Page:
Phil Thornton contributed two articles to the latest edition of the EMEA Finance magazine out in February 2018. The first was based on a talk with Kristina Georgieva, the new chief exucirve of the World Bank. At the heart of her agenda is achieving the multilateral’s goals of eliminating extreme poverty by 2030 and boosting shared prosperity. Georgieva, who was EU Commissioner for Humanitarian Aid, sees her mission as turning this instrument into an “incentive for people to do the right thing”. “If a country has a lend-management policy for forestry to be protected, not to be chopped down, then the insurance premium ought to have a discount. As a donor, as a finance community, we are funding this discount.” The other angle is to focus on middle income countries — where 50 per cent of poor people still live — and especially in higher-risk economies where the task is to make sure that jobs are created. The article is here.
The second article was an analysis of the success that Bahrain has had in attracting foreign investment to the small island kingdom. We looked at how Bahrain’s economic development board has set out a strategy to attract foreign direct investment and SMEs that will both create jobs and help the Kingdom exploit modern technologies.EDB managing director Simon Galpin set out why Bahrain was investing in a whole raft of projects valued at over £32bn, is equivalent to oits annual GDP. These include the expansion of the airport, the US$5bn upgrading of all the major oil refineries in Bahrain, the enlargement of the Alba aluminium smelter to make it the largest in the world, and a second direct connection to the Eastern Province of Saudi Arabia for both road and rail to connect to Saudi Arabia and complement the existing King Fahd Causeway. The second factor is what Galpin calls “soft infrastructure” — reforms of business regulations that allows 100% foreign ownership and a revision of insolvency laws aimed at fostering innovation and entrepreneurship by modernising and streamlining the bankruptcy procedures.“ The third trend, which is connected to the regulatory overhaul, is the decision by the Central Bank of Bahrain to introduce the first “regulatory sandbox”. The article is here.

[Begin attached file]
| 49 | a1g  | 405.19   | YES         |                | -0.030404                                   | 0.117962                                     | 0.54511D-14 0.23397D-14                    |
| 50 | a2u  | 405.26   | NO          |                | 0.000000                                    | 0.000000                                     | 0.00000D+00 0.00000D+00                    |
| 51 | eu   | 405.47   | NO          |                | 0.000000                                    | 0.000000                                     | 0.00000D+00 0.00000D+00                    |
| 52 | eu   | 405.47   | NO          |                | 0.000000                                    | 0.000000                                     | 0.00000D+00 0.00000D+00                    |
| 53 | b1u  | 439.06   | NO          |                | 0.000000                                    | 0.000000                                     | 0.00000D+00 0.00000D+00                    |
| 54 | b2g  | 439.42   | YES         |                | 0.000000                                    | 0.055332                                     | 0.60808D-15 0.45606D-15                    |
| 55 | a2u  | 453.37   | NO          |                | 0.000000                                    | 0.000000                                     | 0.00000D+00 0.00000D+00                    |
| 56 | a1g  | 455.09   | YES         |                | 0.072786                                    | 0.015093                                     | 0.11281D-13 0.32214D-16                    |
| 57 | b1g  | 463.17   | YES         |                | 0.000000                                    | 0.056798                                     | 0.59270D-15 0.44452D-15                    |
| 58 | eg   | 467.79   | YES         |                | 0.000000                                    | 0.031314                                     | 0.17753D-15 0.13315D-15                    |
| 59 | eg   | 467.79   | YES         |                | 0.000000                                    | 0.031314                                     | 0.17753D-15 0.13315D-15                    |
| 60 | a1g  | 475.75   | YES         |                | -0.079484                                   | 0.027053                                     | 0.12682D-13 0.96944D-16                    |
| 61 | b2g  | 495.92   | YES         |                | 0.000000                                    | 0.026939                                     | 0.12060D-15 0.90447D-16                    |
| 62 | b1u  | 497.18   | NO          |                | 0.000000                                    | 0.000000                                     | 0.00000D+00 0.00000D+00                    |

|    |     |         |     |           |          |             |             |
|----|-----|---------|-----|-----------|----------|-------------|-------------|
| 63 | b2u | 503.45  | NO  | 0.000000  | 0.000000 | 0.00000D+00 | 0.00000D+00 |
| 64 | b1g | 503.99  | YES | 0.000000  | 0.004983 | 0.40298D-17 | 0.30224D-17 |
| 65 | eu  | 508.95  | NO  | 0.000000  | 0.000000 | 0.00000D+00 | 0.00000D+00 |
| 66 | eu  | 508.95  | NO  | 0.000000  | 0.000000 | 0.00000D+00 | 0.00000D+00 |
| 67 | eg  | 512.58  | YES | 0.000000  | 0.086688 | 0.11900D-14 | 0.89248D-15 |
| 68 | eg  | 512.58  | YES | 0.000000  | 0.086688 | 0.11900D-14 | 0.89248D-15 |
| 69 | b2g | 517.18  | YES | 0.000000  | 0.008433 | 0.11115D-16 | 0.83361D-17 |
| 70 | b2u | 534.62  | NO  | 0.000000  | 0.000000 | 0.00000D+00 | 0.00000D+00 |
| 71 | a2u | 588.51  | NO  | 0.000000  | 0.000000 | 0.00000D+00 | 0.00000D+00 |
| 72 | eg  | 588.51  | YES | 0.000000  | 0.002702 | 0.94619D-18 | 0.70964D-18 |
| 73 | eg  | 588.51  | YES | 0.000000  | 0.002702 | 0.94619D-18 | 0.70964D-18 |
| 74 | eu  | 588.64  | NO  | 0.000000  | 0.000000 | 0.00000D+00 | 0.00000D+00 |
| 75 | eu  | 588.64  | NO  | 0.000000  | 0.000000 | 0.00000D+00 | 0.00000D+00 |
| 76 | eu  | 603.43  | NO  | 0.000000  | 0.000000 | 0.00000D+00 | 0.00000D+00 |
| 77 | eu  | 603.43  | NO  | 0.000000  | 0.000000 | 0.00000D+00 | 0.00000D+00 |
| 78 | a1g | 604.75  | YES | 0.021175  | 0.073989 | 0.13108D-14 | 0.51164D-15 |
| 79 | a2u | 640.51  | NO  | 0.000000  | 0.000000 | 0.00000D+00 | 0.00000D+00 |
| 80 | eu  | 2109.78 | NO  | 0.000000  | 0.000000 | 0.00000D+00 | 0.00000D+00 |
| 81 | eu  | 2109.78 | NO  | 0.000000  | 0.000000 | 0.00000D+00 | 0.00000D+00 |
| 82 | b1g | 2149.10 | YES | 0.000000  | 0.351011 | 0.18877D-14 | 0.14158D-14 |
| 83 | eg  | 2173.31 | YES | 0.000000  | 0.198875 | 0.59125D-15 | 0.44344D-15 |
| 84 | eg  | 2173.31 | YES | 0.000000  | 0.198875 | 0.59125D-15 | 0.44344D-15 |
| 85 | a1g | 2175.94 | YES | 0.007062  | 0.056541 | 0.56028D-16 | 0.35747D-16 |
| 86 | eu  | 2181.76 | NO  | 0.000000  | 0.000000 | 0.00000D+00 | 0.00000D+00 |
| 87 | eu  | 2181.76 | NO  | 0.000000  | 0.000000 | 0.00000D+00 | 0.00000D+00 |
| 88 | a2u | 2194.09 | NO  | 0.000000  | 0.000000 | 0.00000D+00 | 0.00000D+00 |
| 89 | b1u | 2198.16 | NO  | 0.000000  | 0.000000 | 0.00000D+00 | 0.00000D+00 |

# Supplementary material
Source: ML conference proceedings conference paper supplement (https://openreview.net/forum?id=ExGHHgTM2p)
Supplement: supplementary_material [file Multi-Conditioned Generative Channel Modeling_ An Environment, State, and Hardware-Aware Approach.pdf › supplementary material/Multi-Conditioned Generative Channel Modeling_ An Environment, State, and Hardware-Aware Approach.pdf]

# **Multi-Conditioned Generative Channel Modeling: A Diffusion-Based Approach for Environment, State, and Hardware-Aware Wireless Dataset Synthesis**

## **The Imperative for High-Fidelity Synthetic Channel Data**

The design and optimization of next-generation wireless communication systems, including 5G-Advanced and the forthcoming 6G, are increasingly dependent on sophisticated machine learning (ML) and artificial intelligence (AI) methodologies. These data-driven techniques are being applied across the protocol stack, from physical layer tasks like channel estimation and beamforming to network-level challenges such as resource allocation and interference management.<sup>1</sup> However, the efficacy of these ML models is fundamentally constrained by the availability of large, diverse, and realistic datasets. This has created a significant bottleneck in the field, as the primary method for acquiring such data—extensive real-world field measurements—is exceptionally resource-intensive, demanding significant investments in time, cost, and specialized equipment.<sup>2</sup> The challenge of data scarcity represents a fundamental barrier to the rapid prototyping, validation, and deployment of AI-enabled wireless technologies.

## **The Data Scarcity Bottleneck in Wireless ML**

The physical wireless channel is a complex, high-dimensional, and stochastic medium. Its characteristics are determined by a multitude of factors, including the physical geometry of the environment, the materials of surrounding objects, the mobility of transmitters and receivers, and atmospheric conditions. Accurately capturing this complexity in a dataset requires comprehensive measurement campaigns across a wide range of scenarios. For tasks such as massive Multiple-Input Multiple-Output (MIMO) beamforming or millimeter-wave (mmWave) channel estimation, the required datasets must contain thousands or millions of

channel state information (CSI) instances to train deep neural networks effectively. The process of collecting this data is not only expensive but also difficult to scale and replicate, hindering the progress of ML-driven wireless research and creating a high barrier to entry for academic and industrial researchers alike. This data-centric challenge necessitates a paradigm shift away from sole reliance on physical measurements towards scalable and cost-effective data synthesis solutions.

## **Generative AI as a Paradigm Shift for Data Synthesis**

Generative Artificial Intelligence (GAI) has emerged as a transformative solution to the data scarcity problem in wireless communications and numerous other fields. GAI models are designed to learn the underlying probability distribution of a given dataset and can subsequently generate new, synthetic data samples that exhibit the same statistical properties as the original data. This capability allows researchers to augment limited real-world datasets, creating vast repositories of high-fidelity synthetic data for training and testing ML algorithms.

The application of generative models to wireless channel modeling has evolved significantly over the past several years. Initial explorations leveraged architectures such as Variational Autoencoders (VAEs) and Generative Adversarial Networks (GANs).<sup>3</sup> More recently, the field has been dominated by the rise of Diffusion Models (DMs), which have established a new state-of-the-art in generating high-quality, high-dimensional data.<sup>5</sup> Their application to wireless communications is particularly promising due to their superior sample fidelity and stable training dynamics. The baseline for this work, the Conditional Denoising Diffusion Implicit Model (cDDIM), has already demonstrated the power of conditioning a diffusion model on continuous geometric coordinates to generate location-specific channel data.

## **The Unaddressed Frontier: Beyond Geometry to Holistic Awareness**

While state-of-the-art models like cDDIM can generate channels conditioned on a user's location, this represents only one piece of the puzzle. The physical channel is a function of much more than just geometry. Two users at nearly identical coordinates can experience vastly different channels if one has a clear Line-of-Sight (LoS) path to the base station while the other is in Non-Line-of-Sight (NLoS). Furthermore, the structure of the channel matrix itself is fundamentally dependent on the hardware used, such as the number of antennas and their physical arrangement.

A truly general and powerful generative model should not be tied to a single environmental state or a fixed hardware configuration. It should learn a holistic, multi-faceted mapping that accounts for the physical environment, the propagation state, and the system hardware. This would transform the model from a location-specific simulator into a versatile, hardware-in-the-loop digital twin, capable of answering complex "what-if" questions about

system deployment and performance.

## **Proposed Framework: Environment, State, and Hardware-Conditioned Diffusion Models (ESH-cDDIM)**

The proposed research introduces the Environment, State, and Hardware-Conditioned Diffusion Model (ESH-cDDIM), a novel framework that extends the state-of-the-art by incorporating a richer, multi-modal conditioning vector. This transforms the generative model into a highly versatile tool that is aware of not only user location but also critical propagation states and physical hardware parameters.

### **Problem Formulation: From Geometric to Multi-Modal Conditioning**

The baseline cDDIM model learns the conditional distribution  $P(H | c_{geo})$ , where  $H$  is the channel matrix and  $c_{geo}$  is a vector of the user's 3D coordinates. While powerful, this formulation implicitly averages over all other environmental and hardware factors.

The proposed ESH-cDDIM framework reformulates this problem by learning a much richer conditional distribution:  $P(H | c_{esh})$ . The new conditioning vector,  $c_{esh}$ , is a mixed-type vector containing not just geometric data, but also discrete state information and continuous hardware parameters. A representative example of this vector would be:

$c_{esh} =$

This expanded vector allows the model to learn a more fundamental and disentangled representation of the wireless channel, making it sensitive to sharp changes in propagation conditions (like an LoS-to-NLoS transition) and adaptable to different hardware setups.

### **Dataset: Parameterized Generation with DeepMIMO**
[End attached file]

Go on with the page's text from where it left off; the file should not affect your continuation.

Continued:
We were asked by the Financial Times to contribute our views on a range of issues which have the potential to affect the UK economy during 2018. On overall growth, we said the economy will slow in 2018 as the uncertainty created by the stop-start Brexit negotiations nags at consumer and business confidence and at investment intentions. A drop to 1.5% from 1.8% in 2017 seems likely. The interesting comparison is with the eurozone, which could post growth as high as 2.4 per cent. Those data will be confirmed in spring just as the UK will leave the EU — a timely reminder of the damage that the UK is doing to itself by leaving.
On Brexit we said that it will either be possible to stay within a/the single market and a/the customs union or even that opposition to Brexit itself is starting to grow. Either there are now hopes that the UK will get as bad a deal as feared a year earlier.
On the consumer economy, we said the downward pressure on consumer spending that has so far come from a fall in real wages is likely to continue. Our other concern is the mountain of debt that consumers are building up and whether any of the bubbles in personal loans, credit card debt, and car loans will burst.